D. Remaining Factors

The final factors are whether the discovery deadlines were vague and whether the movant requested stricter deadlines for discovery. The discovery deadline specifically followed the rules of civil procedure. Appellees did not request stricter deadlines for discovery, nor did appellants seek a continuance in order to complete discovery.

E. Conclusion

Appellants were given over one year to complete discovery before the February, 2004 trial date. Appellees= motion was filed based on no evidence of liability, not damages. The additional discovery sought by appellants tended to show proof of damages, not liability. The trial court did not abuse its discretion in granting appellees= no-evidence motion for summary judgment.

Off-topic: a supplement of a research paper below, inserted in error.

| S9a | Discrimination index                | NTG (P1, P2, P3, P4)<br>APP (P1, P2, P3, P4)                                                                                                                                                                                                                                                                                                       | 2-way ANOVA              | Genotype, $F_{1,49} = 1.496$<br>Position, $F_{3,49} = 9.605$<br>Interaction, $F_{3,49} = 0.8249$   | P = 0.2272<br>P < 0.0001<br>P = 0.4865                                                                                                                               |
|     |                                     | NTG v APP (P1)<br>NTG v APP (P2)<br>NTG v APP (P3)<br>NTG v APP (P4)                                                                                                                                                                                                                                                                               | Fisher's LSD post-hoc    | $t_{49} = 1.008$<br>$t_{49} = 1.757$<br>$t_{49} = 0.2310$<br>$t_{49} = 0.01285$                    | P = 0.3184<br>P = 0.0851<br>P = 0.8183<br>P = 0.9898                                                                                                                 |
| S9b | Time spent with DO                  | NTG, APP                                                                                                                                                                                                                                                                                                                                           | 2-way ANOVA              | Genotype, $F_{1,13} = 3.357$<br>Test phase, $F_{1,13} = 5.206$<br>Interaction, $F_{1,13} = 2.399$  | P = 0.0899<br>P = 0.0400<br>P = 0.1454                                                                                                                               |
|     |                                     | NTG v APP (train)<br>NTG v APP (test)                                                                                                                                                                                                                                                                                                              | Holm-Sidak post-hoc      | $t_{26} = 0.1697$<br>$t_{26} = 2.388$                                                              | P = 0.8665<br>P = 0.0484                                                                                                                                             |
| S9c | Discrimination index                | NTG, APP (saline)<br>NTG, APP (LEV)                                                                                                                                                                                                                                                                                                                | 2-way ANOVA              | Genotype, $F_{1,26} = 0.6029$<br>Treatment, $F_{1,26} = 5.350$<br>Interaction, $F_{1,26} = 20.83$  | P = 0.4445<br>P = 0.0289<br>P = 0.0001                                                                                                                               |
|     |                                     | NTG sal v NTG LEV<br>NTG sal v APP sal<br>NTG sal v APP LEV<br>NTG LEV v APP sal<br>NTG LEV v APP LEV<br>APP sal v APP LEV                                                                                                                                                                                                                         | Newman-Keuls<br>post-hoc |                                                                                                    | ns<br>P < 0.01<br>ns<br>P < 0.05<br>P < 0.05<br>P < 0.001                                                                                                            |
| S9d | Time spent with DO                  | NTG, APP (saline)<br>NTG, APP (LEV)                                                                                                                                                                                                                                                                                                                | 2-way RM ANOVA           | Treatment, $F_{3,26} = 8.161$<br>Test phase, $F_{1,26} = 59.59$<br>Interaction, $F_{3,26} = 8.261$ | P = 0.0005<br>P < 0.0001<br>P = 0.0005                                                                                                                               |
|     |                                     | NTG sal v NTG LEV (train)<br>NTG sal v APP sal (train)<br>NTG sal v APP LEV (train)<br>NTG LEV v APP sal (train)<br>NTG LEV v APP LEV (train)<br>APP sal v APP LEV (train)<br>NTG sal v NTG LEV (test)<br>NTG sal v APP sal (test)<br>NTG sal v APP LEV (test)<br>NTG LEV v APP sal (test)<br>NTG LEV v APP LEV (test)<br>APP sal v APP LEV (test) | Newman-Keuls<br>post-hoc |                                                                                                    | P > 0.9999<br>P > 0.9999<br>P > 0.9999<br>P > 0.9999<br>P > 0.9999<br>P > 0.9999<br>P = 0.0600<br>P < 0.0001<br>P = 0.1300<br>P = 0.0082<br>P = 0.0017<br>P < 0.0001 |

V. Damages

In their fourth and fifth issues, appellants contend there was adequate evidence to establish economic damages and loss of consortium. Because appellees= motion was meritorious on the issue of liability, we need not reach issues four and five. See State Farm, 858 S.W.2d at 380.

The judgment of the trial court is affirmed.

/s/ John S. Anderson

Justice

Judgment rendered and Memorandum Opinion filed November 8, 2005.

Panel consists of Justices Anderson, Fowler, and Frost.


[1] Strahan=s deposition testimony reveals the alleged bare spot was on the other end of the roof from where he fell and did not cause his fall.